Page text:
Sunday, October 25, 2020

The Invention of Wings by Sue Monk Kidd ~ Book Review

It is 1800's Charleston and the Grimke family are an influential, upstanding & wealthy family.  The father is jurist and land owner and the family own many slaves to keep the property and their lives in the way of the socially elite of the time.  When young 11 year old Sarah is given a slave for a hand maid on her 11th birthday, she is appalled and tries to refuse but her mother who is harsh and all about appearances insists.   Not having any friends due to a speaking impediment she developed from trauma when she was 4, Sarah develops as much of a friendship with 10 year old Hetty as the culture allows.  In spite of her speech affliction, Sarah has a thirst for knowledge and desires, unlike her brother who feels forced into it, to be a lawyer like their father.   But as the times dictate this is no place for a woman and Sarah feels the limitations imposed upon her even as her heart is full of knowing she is called to do something big in this world.  As they grow together, they develop a complex relationship, each influencing the other's life and both Sarah and Hetty must learn how to survive in their opposing worlds and both do what they can to break through those limitations that society has imposed upon them.

This story follows the parallel lives of Sarah and Hetty as they try to find lives of their own dictated by their heart and not the society they were born into.  It is a novel that swept me into the world of the South at a time when owning slaves not only culturally acceptable but even looked upon as the Christian thing to do.  It is inspired by the real life Sarah Grimke and her sister Angelina who became the first women to publicly start speaking up for not only the abolitionist movement but also the women's movement.  Sarah's story is one of courage in the midst of huge pressure to conform, betrayal and then rejection.  For such a historical character that accomplished so much for the not only the abolitionists but also the women's movement it is odd that neither her or her sister's name is one that is well known in history books.  This story is well researched and really opens the readers eyes to the attitudes, justifications and culture of the time.  I always wondered how the South, which was so entrenched in church and what they called Christianity could justify the inhumane treatment and ownership of other human beings and this story was able to show that in all it's ugliness.  I also learned a lot through the characters of Hetty and her mother Charlotte who though born into slavery always had deep within the desire to be free and in control of their own life and strove to express it in whatever way they could even though the consequences would be dire if found out.  I thought the aspect of Charlotte, who was a seamstress in the Grimke household, would tell her life story through the stitching of a quilt.  Though the gift of reading and writing was kept from her, she still found a way to keep her personal history alive.  This was a wonderful read of the stories of two young girls born into opposing stations of life growing into strong women reaching for their own destinies as their lives intertwine.  The author did an excellent job of fleshing out historical people and relaying what might have been their experiences, heart and motivations.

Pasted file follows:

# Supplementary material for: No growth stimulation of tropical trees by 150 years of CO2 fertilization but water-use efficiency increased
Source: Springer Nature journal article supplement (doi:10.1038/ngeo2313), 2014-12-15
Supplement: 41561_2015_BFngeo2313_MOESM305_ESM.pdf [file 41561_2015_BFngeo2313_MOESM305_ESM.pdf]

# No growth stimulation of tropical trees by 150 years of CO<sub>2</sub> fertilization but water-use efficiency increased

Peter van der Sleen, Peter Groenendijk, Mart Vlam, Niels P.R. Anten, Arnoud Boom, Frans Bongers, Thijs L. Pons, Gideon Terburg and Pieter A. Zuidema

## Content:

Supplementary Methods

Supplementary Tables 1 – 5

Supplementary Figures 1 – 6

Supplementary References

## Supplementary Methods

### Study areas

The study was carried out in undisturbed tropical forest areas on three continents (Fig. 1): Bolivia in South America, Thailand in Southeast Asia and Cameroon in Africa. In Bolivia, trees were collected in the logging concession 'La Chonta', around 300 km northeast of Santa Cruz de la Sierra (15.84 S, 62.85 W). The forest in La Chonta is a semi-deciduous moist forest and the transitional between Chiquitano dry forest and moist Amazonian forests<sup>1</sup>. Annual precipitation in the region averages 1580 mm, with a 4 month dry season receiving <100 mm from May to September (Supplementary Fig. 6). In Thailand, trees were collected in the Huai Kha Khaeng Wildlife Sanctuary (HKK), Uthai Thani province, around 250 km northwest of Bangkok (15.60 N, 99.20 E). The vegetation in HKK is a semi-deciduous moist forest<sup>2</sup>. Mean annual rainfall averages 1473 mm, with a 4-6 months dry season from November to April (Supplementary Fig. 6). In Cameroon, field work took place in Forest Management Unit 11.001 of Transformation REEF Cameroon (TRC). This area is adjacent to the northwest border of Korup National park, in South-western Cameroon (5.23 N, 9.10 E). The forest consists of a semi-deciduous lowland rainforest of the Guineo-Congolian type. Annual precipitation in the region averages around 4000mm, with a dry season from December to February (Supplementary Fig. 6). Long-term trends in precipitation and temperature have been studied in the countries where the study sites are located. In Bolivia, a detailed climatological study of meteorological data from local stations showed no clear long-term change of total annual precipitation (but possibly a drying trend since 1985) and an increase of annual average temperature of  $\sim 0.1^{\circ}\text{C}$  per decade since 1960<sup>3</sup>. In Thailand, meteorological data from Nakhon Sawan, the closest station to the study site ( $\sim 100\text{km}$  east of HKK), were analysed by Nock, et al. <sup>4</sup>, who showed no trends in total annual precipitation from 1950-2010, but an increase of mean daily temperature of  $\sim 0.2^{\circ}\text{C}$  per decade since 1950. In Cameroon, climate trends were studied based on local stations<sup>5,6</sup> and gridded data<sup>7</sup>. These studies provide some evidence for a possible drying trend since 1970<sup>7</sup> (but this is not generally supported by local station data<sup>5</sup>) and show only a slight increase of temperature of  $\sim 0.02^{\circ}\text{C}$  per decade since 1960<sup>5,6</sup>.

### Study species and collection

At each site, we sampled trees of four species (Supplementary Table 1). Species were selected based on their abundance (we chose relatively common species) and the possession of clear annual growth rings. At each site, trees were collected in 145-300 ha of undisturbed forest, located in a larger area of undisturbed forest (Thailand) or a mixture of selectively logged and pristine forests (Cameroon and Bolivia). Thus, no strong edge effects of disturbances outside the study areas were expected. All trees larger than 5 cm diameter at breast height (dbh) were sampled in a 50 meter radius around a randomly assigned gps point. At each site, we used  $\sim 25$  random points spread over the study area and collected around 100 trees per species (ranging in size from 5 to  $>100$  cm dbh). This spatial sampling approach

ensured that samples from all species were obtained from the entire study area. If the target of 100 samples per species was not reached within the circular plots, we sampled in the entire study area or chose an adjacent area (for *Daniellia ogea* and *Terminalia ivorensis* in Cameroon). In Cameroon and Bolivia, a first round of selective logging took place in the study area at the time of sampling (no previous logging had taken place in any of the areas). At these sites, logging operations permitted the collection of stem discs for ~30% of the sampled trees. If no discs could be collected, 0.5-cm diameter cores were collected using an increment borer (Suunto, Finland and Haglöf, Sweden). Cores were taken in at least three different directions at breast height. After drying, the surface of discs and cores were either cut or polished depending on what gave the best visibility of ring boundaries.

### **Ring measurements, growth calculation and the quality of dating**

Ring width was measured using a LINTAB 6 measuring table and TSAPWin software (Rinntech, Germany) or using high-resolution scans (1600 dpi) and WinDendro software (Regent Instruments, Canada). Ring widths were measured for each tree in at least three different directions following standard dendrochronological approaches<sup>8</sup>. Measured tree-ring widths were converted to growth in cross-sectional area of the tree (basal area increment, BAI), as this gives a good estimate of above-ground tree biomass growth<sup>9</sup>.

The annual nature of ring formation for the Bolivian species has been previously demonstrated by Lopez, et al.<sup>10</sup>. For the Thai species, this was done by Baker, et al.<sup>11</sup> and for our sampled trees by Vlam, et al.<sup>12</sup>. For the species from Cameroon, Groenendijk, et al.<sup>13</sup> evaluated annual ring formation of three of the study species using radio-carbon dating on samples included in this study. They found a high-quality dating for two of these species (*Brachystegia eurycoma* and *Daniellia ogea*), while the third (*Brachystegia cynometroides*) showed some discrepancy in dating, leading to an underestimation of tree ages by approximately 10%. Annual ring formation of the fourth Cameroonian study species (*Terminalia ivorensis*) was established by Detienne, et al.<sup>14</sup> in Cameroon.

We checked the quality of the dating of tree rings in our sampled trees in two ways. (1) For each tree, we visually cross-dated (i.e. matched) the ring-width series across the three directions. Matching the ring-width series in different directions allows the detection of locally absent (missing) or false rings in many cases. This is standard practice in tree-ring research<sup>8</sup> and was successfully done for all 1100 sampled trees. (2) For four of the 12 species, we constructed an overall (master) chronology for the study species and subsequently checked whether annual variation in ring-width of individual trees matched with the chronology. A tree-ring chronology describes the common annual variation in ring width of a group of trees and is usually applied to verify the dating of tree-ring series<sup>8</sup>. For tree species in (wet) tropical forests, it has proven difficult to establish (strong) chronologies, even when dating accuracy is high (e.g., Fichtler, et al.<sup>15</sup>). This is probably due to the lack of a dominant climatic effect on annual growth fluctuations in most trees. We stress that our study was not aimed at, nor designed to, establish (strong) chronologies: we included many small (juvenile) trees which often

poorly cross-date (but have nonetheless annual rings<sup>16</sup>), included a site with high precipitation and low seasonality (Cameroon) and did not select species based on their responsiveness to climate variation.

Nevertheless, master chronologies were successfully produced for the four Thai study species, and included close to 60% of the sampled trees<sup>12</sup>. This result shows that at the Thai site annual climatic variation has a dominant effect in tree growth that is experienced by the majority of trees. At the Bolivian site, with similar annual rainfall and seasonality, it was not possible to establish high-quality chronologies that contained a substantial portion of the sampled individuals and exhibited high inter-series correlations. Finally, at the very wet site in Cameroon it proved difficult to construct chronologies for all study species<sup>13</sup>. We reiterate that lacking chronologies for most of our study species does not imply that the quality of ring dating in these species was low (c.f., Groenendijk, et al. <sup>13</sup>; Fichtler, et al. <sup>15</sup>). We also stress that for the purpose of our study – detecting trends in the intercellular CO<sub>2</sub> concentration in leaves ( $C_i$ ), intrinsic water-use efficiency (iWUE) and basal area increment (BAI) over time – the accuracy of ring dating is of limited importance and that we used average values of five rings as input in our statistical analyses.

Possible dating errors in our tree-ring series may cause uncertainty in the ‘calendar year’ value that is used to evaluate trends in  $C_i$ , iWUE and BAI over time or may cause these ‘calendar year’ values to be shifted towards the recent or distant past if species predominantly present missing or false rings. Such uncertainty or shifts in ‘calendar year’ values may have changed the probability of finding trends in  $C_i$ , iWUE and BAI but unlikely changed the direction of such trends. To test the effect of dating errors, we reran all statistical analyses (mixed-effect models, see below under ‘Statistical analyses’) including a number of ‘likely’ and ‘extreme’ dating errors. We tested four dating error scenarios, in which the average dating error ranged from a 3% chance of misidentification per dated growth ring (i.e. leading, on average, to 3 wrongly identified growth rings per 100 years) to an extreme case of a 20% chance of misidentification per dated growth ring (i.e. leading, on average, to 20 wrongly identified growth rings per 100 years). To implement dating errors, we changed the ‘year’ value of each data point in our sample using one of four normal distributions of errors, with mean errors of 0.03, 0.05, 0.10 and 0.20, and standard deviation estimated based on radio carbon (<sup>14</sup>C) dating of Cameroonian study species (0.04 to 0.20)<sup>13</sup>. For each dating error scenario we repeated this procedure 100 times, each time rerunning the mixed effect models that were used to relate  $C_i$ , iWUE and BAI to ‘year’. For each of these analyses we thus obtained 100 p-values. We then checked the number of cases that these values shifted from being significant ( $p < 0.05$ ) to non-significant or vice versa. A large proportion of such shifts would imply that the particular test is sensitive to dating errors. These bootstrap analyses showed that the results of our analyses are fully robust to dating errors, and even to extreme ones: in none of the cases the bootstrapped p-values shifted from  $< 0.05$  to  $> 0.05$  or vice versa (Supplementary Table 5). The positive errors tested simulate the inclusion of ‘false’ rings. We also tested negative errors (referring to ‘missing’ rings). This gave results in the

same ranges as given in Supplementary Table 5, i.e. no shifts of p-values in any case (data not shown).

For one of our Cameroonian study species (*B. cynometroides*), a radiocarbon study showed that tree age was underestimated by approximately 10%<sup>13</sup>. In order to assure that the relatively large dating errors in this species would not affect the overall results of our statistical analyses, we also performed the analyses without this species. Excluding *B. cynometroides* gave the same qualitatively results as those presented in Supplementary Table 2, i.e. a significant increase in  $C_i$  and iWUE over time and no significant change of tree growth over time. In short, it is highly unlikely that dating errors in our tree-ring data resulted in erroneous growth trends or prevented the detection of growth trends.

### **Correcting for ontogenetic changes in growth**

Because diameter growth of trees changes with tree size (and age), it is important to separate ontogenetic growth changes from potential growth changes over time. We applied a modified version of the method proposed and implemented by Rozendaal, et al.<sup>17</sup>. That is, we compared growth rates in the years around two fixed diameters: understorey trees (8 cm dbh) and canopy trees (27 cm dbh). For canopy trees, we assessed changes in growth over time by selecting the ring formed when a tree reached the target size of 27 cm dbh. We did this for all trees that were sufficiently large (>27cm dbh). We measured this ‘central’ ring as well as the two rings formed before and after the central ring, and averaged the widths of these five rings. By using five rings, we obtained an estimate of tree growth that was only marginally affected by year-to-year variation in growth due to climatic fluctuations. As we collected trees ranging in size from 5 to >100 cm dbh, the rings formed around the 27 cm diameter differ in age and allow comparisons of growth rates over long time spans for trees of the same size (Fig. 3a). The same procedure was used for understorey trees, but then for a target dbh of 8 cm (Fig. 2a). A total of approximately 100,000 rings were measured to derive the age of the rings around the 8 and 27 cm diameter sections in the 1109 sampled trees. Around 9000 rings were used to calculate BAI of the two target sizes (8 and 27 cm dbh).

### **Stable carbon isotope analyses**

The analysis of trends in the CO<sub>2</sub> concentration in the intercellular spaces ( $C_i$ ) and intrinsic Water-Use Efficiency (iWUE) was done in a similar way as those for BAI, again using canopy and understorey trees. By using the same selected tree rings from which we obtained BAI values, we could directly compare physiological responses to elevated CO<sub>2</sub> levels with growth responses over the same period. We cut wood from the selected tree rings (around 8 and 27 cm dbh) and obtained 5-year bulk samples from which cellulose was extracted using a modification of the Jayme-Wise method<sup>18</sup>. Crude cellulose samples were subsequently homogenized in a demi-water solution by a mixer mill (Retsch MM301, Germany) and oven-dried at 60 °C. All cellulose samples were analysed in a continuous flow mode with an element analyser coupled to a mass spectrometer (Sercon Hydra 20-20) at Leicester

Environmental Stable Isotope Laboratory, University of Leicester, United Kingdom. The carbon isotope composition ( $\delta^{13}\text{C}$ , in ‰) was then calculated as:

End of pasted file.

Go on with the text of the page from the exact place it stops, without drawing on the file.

As a last note I loved how the author ended the "Author's Notes" with this quote by Professor Julius Lester:

"History is not just facts and events.  History is also a pain in the heart
and we repeat history until we are able to make 
another's pain in the heart our own"

The Invention of Wings by Sue Monk Kidd pg 369


Karen said...

I've been wanting to read this, and your review prompted me to go look for it on Amazon. I found a used hardbound copy for a little over a dollar. With shipping, it's about $5, so I ordered it!

Barbara Harper said...

This sounds compelling. Love that quote at the end.